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Oncologist. 2014 Oct;19(10):1056-68. doi: 10.1634/theoncologist.2014-0180. Epub 2014 Sep 3.

How to implement a geriatric assessment in your clinical practice.

Author information

1
Lawrence S. Bloomberg Faculty of Nursing, University of Toronto, Toronto, Ontario, Canada; Department of Medicine and Institute of Health Policy, Management, and Evaluation, University Health Network and University of Toronto, Toronto, Ontario, Canada; Department of Medical Oncology, University Hospitals Leuven, Leuven, Belgium.
2
Lawrence S. Bloomberg Faculty of Nursing, University of Toronto, Toronto, Ontario, Canada; Department of Medicine and Institute of Health Policy, Management, and Evaluation, University Health Network and University of Toronto, Toronto, Ontario, Canada; Department of Medical Oncology, University Hospitals Leuven, Leuven, Belgium martine.puts@utoronto.ca.

Abstract

Cancer is a disease that mostly affects older adults. Other health conditions, changes in functional status, and use of multiple medications change the risks and benefits of cancer treatment for older adults. Several international organizations, such as the International Society of Geriatric Oncology, the European Organization for Research and Treatment of Cancer, recommend the conduct of a geriatric assessment (GA) for older adults with cancer to help select the most appropriate treatment and identify any underlying undetected medical, functional, and psychosocial issues that can interfere with treatment. The aim of this review is to describe what a GA is and how to implement it in daily clinical practice for older adults with cancer in the oncology setting. We provide an overview of commonly used tools. Key considerations in performing the GA include the resources available (staff, space, and time), patient population (who will be assessed), what GA tools to use, and clinical follow-up (who will be responsible for using the GA results for developing care plans and who will provide follow-up care). Important challenges in implementing GA in clinical practice include not having easy and timely access to geriatric expertise, patient burden of the additional hospital visits, and establishing collaboration between the GA team and oncologists regarding expectations of the population referred for GA and expected outcomes of the GA. Finally, we provide some possible interventions for problems identified during the GA.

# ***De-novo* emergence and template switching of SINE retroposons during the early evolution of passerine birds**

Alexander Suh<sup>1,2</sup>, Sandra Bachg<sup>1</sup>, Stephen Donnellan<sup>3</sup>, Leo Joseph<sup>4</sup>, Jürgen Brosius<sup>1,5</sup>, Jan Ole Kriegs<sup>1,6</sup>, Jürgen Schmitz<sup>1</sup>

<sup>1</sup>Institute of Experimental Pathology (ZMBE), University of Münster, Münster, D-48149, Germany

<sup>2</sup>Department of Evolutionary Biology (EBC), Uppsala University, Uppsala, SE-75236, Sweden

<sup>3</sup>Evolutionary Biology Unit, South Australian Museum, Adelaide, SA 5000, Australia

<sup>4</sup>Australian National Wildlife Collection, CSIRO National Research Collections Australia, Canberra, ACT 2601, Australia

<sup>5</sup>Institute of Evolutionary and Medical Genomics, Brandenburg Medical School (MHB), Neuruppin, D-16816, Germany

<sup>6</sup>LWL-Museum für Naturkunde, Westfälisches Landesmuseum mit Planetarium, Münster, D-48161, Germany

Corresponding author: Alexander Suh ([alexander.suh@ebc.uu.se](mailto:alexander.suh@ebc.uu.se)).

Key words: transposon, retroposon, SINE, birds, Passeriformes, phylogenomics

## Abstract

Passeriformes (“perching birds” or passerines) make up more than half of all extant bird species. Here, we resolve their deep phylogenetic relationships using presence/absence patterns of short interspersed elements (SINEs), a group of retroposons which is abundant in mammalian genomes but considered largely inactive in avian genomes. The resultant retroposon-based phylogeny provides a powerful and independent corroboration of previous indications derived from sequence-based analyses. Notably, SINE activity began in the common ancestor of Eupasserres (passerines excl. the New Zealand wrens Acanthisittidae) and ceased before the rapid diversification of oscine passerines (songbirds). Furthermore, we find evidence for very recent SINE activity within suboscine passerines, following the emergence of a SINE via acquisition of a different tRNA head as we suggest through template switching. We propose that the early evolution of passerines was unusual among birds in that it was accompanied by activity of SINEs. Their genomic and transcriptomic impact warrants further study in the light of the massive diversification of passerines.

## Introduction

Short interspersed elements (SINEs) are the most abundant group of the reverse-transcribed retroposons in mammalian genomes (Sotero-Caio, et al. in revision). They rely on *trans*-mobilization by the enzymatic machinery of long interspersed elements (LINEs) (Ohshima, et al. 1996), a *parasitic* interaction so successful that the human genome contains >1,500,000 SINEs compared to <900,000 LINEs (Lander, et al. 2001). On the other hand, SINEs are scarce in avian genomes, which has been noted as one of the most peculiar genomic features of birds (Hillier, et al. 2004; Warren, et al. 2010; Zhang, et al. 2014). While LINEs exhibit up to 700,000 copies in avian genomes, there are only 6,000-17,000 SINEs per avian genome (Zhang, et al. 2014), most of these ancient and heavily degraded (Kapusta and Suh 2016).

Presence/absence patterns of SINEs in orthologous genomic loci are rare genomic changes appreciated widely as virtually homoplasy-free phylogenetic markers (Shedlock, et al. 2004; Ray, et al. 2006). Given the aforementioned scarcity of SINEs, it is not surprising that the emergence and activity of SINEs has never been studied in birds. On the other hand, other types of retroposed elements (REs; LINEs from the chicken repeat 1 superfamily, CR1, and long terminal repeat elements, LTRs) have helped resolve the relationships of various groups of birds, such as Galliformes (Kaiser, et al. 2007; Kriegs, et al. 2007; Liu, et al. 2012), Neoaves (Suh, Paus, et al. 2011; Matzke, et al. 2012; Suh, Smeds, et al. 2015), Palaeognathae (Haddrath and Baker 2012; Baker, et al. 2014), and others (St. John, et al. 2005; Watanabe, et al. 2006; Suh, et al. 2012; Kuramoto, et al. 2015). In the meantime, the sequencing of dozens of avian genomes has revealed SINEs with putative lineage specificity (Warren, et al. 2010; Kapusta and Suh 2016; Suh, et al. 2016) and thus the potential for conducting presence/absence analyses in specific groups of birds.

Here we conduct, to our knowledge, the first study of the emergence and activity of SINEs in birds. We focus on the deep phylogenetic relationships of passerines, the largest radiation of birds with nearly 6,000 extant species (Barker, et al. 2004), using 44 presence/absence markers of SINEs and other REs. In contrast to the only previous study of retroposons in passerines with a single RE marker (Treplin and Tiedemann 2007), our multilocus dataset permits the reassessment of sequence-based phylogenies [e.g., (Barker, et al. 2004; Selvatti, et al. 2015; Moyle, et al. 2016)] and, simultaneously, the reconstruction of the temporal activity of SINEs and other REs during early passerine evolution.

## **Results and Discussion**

KEYWORDS:

Cancer treatment; Comprehensive geriatric assessment; Frail elderly; Functional status; Oncology practice; Quality of life; Treatment decision making

PMID:
25187477
PMCID:
PMC4200997
DOI:
10.1634/theoncologist.2014-0180
[Indexed for MEDLINE]
Free PMC Article

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